Once you have your habit, the next purchase should be stout, heavy soled boots, 13 or 14 inches high, which will protect the leg in walking and from the stirrup leather while riding. One needs two felt hats (never straw), one of good quality for sun or rain, with large firm brim. This is important, for if the brim be not firm the elements will soon reduce it to raglike limpness and it will flap up and down in your face as you ride. This can be borne with composure for five or ten minutes, but not for days and weeks at a time. The other felt hat may be as small and as cheap as you like. Only see that it combines the graces of comfort and becomingness. It is for evenings, and sunless rainless days. A small brown felt, with a narrow leather band, gilt buckle, and a twist of orange veiling around the crown, is pretty for the whipcord costume.

One can do a wonderful amount of smartening up with tulle, hat pins, belts, and fancy neck ribbons, all of which comparatively take up no room and add no weight, always the first consideration. Be sure you supply yourself with a reserve of hat pins. Two devices by which they may be made to stay in the hat are here shown. The spiral can be given to any hat pin. The chain and small brooch should be used if the hat pin is of much value.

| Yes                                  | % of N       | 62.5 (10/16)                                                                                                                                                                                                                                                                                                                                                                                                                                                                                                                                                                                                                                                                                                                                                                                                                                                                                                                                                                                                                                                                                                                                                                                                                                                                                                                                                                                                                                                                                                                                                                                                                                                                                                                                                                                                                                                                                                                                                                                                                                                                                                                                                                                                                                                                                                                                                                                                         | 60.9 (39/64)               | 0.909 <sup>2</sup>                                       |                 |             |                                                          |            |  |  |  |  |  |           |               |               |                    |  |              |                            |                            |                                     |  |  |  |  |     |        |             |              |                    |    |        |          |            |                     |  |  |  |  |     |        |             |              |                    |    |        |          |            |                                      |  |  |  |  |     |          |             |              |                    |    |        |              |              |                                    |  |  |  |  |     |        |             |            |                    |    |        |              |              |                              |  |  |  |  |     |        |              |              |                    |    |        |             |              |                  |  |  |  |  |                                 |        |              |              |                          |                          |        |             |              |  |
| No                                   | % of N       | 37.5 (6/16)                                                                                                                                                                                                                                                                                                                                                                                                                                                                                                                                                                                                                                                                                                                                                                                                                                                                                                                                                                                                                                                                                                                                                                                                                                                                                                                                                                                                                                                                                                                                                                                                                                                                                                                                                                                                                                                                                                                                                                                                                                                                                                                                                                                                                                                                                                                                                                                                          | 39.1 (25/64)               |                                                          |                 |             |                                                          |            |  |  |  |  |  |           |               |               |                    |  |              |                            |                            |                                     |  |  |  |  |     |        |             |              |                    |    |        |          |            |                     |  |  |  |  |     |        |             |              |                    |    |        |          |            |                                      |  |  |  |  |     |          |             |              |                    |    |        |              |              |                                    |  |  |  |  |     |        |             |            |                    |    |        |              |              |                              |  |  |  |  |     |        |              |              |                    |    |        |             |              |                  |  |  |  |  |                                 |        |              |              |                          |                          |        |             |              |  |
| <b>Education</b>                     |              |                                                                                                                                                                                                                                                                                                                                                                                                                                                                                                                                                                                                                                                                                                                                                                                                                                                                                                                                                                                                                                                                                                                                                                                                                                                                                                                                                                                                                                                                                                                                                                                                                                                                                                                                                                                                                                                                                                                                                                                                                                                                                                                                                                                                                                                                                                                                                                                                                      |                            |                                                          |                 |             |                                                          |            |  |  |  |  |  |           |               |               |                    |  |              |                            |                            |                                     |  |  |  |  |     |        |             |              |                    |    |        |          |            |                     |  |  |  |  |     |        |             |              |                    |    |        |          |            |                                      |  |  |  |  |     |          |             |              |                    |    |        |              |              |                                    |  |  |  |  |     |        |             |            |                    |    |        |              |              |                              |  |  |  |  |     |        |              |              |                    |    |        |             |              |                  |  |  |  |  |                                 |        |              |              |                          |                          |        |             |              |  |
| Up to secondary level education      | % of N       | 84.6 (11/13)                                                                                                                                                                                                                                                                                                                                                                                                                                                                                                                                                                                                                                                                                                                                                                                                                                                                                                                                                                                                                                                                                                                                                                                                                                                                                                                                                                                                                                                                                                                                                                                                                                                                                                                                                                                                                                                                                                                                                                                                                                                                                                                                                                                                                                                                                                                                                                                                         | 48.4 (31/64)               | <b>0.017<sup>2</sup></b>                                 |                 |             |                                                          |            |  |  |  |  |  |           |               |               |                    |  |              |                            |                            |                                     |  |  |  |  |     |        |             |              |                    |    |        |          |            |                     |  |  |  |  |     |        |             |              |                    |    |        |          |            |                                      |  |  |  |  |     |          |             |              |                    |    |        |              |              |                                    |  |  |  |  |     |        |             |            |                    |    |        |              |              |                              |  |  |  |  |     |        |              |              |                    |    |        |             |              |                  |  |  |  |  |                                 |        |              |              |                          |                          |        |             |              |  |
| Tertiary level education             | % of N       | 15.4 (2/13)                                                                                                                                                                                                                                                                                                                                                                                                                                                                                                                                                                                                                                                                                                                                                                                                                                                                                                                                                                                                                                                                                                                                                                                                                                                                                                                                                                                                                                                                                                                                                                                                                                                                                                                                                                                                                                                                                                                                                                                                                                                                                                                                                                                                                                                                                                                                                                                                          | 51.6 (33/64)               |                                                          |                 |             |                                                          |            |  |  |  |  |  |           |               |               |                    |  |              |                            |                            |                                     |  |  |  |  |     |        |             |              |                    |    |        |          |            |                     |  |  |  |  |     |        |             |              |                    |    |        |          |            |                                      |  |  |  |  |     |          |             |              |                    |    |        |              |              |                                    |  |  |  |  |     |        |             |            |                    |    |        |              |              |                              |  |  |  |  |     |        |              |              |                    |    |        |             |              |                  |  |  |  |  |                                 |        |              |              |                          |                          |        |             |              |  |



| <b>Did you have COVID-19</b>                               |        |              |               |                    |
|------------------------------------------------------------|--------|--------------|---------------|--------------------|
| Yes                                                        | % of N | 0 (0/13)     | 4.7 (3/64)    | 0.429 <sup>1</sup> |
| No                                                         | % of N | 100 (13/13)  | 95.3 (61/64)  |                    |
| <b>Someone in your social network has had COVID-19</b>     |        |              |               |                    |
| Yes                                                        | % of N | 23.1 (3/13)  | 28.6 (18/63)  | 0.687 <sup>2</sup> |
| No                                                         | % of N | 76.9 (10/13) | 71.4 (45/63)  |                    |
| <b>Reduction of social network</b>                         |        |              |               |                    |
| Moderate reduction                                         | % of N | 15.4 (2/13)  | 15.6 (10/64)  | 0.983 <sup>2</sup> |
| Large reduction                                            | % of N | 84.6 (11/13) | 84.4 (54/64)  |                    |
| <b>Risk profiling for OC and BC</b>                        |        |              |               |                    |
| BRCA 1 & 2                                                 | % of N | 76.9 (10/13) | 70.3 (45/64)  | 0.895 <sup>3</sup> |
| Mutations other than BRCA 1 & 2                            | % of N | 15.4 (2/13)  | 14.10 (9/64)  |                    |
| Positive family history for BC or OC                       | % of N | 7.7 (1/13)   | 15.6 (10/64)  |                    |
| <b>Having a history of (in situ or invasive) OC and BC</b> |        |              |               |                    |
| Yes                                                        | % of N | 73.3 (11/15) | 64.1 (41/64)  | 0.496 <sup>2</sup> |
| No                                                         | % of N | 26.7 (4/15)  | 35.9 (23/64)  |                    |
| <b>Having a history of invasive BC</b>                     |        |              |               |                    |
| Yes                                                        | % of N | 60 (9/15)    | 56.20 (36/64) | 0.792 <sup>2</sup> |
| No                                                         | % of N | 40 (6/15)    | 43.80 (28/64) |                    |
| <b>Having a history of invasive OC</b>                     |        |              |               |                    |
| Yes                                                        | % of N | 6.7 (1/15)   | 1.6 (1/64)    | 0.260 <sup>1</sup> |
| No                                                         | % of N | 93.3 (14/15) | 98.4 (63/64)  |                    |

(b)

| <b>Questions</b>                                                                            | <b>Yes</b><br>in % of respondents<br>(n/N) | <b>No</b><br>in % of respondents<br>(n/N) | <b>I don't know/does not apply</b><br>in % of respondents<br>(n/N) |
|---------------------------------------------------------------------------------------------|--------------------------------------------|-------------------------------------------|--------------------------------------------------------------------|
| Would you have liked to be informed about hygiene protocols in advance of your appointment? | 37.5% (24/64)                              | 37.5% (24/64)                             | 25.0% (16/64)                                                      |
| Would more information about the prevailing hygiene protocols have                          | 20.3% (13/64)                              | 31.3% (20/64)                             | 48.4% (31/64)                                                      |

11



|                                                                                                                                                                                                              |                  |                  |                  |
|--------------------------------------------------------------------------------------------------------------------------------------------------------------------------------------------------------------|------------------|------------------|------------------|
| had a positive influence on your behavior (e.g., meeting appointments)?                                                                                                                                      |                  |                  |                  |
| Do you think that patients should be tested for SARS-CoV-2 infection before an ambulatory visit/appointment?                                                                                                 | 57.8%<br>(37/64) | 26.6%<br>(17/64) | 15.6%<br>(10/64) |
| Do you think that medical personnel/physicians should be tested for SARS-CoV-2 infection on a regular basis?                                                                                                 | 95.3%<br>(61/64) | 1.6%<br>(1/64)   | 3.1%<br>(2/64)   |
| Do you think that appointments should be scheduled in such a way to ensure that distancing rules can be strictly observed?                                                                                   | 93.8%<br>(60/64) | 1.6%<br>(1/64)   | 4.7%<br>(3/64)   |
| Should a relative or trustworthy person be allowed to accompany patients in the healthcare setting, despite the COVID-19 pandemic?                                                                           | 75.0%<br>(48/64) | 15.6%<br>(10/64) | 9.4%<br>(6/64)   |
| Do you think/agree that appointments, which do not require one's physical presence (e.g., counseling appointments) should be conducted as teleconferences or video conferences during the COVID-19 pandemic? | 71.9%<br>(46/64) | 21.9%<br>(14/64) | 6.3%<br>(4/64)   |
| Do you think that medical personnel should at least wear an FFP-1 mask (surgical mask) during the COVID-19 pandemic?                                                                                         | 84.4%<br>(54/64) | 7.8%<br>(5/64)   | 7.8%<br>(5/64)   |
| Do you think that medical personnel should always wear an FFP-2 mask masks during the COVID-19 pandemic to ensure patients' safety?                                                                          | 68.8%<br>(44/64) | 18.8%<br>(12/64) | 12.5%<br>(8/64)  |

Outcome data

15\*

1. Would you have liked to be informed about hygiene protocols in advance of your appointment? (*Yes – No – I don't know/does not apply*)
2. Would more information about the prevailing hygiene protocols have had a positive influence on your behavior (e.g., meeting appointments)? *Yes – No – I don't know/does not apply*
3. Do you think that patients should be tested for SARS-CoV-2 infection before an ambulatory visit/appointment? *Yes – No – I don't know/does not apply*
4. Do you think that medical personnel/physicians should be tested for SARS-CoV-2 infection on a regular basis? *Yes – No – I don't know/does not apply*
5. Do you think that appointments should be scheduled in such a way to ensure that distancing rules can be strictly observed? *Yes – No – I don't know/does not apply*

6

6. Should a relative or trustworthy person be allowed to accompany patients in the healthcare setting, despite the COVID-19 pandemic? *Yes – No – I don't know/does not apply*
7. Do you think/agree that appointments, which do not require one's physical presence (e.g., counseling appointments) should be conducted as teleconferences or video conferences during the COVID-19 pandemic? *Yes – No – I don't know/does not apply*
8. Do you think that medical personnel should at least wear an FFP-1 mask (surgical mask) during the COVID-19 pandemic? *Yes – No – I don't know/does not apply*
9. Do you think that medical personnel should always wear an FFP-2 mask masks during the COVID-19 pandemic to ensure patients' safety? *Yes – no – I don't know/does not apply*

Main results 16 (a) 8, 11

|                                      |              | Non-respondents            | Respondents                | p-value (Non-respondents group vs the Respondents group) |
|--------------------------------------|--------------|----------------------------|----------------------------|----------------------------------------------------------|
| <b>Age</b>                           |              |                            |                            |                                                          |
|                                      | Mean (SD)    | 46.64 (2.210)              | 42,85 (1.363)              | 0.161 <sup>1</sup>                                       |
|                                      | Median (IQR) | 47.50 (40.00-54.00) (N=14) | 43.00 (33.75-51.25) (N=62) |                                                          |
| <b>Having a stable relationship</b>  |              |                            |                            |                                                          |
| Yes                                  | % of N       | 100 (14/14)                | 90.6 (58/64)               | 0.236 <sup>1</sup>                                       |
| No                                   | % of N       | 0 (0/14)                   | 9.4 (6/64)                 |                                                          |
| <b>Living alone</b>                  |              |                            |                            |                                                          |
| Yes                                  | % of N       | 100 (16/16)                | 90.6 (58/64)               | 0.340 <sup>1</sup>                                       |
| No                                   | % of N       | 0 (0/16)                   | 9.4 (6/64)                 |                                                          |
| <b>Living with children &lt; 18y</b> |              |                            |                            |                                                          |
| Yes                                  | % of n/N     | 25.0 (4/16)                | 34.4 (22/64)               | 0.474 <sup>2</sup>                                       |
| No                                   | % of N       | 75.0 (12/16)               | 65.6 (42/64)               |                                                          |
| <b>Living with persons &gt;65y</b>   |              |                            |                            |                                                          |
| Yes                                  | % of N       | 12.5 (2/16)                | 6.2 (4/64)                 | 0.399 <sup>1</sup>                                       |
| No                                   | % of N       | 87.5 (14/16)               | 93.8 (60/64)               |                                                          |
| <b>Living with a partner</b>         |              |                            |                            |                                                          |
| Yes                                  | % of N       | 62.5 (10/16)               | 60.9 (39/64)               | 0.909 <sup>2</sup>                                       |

At this point, if any man, a reviewer perhaps, has delved thus far into the mysteries of feminine outfit, he will probably remark, "Why take a hat pin of much value?" to which I reply; "Why not? Can you suggest any more harmless or useful vent for woman's desire to ornament herself? And unless you want her to be that horror of horrors, a strong-minded woman, do you think you can strip her for three months of all her gewgaws and still have her filled with the proper desire to be pleasing in your eyes? No; better let her have the hat pins—and you know they really are useful—and then she will dress up to those hat pins, if it is only with a fresh neck ribbon and a daisy at her belt."